ACAPULCO, Mexico (Reuters) - A human rights group on Thursday slammed an armed vigilante group’ training of children to use guns in a violent region of Mexico after images of the armed minors sparked widespread consternation.
The video footage and photos of small children bearing rifles in the southwestern state of Guerrero were the latest shock to a country that has become increasingly accustomed to troubling news after two years of record levels of violence.
The images, which showed around 20 children doing military style drills, emerged days after 10 local musicians were murdered by suspected cartel hitmen in Chilapa de Alvarez, one of the most violent municipalities in Guerrero, one of Mexico’s most violent states.
Bernardino Sanchez Luna, a leader of so-called community police in the town, said the ongoing failure of federal security forces to protect the area had led residents to instead arm themselves, including local children.
Ramon Navarrete, head of Guerrero’s state human rights commission, urged vigilante groups to desist from using children in such local community policing initiatives.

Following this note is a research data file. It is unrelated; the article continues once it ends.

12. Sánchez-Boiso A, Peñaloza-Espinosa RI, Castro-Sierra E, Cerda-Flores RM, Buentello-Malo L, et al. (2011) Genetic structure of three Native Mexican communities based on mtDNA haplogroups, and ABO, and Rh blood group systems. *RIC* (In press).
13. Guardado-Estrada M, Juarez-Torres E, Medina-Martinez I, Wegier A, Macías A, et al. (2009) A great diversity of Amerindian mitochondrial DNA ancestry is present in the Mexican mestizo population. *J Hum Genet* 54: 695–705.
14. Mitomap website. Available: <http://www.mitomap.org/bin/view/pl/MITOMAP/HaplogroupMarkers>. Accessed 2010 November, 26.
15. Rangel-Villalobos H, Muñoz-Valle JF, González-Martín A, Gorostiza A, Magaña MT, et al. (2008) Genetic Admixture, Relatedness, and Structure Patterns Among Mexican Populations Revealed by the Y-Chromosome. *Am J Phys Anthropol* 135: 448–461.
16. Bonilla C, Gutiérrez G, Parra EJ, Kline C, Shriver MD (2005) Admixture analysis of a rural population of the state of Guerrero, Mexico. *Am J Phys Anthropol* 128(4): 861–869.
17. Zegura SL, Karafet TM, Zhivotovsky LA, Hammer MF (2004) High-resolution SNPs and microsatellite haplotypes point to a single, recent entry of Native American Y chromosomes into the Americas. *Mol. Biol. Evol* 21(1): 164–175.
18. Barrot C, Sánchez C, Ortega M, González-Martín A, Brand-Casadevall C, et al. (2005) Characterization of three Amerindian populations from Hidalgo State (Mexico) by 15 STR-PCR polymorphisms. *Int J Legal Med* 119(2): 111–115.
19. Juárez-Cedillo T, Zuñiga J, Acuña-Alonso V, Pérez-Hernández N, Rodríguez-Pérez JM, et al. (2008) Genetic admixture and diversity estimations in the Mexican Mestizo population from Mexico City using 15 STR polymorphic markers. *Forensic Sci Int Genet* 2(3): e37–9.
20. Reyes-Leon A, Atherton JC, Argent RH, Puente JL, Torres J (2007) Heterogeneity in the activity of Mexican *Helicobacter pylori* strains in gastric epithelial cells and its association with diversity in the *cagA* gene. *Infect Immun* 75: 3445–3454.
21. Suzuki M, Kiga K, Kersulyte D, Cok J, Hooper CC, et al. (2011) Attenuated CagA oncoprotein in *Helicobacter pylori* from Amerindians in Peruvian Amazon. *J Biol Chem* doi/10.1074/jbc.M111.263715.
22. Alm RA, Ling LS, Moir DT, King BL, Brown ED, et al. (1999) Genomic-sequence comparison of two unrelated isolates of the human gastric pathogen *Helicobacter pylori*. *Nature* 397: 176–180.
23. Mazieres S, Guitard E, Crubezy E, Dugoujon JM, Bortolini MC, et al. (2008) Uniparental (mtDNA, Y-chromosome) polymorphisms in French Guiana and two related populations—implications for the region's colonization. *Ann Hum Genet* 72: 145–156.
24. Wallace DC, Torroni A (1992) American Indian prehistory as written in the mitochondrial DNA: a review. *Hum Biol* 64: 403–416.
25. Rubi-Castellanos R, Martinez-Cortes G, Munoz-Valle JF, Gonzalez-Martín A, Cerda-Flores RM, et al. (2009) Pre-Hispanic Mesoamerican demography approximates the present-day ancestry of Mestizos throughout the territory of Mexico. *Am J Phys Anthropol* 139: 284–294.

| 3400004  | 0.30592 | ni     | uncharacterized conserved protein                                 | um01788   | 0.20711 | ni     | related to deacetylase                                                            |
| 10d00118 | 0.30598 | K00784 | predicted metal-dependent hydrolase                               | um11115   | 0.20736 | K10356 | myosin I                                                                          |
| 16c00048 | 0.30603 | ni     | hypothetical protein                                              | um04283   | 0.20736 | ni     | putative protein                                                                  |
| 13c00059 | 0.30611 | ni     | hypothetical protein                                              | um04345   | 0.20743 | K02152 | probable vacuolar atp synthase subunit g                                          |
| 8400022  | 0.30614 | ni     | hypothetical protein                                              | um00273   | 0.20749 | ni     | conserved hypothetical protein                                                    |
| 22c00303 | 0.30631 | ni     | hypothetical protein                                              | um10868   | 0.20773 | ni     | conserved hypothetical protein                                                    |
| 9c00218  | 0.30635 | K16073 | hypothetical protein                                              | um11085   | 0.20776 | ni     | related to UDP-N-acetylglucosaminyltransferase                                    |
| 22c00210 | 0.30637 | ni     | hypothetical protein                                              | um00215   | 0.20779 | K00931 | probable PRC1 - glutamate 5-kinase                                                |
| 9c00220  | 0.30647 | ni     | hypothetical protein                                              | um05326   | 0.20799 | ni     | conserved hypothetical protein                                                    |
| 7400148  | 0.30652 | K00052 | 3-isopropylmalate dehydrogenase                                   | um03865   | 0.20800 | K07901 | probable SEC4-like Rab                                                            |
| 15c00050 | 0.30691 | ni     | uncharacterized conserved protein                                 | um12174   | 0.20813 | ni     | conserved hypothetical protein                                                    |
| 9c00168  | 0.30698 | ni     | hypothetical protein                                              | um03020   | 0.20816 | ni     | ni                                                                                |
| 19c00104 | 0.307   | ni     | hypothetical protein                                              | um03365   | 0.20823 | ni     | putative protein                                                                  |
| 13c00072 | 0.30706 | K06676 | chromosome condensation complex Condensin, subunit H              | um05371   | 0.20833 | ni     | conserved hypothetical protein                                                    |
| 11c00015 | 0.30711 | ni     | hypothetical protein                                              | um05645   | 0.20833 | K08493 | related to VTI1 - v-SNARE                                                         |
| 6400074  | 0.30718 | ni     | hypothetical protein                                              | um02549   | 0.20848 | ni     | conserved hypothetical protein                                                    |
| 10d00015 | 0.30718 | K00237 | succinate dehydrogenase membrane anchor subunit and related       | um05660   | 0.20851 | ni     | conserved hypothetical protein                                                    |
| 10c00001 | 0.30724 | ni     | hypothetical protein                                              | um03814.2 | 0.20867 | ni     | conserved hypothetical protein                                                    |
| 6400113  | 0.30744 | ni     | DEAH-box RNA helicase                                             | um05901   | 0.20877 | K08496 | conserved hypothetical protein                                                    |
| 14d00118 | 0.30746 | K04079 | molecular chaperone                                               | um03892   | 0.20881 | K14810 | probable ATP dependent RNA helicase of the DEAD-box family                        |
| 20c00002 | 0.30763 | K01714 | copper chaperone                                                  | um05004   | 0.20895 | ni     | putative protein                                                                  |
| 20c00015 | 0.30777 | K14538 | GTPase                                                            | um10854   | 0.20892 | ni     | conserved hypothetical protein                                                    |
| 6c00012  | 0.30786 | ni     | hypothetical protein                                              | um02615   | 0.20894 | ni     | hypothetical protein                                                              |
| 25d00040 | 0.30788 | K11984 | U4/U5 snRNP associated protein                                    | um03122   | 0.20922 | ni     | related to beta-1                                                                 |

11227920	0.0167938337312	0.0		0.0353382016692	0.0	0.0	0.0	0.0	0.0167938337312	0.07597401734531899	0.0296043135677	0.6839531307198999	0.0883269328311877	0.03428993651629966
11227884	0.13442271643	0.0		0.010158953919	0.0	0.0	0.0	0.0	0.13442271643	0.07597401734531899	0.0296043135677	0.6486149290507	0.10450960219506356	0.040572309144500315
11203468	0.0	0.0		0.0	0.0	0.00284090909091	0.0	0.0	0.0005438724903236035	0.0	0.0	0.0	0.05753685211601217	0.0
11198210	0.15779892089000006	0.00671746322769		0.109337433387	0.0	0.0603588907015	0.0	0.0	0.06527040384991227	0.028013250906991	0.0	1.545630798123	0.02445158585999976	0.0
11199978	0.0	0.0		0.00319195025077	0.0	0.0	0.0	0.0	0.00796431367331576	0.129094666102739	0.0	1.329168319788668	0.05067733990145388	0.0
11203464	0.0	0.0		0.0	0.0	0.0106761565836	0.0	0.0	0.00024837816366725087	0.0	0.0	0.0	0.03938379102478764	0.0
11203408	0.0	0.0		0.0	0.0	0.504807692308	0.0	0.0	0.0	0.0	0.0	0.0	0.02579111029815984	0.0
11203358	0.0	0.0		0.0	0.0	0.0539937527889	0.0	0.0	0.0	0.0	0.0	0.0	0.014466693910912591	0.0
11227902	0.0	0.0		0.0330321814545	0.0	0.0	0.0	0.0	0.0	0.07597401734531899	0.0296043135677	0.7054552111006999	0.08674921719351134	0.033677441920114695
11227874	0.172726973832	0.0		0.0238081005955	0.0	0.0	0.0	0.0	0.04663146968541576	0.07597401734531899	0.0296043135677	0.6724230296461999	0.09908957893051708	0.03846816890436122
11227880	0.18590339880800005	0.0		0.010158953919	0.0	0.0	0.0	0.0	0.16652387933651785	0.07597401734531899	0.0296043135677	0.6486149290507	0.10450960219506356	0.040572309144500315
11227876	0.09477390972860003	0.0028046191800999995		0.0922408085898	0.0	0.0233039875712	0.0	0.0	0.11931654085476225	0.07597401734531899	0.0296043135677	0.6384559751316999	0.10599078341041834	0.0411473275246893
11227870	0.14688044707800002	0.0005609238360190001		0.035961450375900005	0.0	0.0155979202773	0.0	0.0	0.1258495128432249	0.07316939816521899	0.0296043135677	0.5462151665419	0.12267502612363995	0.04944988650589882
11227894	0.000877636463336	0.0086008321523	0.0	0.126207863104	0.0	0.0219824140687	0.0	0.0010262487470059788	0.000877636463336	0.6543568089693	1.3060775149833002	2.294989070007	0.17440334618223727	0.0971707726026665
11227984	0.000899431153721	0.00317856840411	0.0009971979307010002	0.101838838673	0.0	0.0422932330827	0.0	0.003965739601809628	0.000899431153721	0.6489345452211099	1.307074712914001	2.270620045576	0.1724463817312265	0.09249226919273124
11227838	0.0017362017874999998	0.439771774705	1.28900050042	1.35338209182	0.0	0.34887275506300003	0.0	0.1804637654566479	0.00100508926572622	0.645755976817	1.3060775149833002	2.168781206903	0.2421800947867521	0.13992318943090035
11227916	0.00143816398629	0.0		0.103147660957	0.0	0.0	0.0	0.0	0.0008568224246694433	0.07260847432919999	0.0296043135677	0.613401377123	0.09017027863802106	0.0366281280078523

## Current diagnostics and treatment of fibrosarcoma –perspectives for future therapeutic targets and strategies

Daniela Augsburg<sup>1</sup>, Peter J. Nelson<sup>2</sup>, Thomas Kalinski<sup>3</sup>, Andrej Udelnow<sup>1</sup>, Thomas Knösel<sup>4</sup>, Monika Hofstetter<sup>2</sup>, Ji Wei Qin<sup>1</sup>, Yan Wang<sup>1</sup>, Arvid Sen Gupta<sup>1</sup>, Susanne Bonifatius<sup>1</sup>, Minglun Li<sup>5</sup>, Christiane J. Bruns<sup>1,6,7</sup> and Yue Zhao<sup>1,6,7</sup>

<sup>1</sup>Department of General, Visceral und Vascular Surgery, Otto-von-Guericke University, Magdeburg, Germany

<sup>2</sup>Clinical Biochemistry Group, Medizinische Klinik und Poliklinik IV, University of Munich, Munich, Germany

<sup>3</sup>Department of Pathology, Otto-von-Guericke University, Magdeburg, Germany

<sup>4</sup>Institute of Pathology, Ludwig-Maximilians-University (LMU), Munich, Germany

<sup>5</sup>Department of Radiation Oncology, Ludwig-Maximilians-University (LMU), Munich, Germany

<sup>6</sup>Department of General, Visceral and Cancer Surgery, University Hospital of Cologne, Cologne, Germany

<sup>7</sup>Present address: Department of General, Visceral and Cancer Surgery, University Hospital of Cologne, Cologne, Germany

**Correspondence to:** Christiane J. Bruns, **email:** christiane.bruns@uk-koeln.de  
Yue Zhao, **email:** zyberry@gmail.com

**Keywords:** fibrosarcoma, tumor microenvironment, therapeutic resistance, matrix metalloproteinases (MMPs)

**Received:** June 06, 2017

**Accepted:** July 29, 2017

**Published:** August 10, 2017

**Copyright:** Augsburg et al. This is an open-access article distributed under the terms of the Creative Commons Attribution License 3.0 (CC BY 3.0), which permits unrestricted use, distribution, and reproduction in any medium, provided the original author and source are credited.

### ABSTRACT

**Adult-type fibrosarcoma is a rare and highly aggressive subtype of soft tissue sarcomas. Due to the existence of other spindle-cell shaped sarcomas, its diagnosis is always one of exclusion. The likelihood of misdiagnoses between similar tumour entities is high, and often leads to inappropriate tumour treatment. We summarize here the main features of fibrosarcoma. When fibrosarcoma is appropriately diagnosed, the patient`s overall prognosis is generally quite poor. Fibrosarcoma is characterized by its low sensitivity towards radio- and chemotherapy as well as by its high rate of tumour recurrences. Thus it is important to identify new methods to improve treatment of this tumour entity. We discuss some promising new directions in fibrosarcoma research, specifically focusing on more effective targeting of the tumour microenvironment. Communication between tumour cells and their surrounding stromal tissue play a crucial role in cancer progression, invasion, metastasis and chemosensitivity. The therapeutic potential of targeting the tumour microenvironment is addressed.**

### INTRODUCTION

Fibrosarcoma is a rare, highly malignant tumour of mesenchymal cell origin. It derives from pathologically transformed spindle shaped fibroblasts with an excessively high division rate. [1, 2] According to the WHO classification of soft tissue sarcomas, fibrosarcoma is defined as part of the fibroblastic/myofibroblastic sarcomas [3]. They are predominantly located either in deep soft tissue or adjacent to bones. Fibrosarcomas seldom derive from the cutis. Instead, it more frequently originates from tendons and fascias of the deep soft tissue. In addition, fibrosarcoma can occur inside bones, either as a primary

“We thoroughly reject the involvement of minors in security operations which puts at risk their development, their physical safety and their lives,” the rights commission said in a statement issued by the Guerrero state government.
Guerrero permits indigenous towns to form their own police according to traditional customs. In recent years such groups have flourished, along with other armed self-defense forces as rural communities seek alternatives to often corrupt state security forces, or to stand up to drug cartels.
Such self-defense groups enjoy uneasy relations with state authorities. Some have been effective in reducing the power of organized crime in some areas. However, critics say they often serve as a front for rival criminal interests.
President Andres Manuel Lopez Obrador referred indirectly to the children during a regular news conference on Thursday, saying some security experts believed that the arming of minors showed armed groups were running out of adult recruits.
Reporting by Uriel Sanchez and Mexico City Newsroom; Writing by Dave Graham; Editing by Cynthia Osterman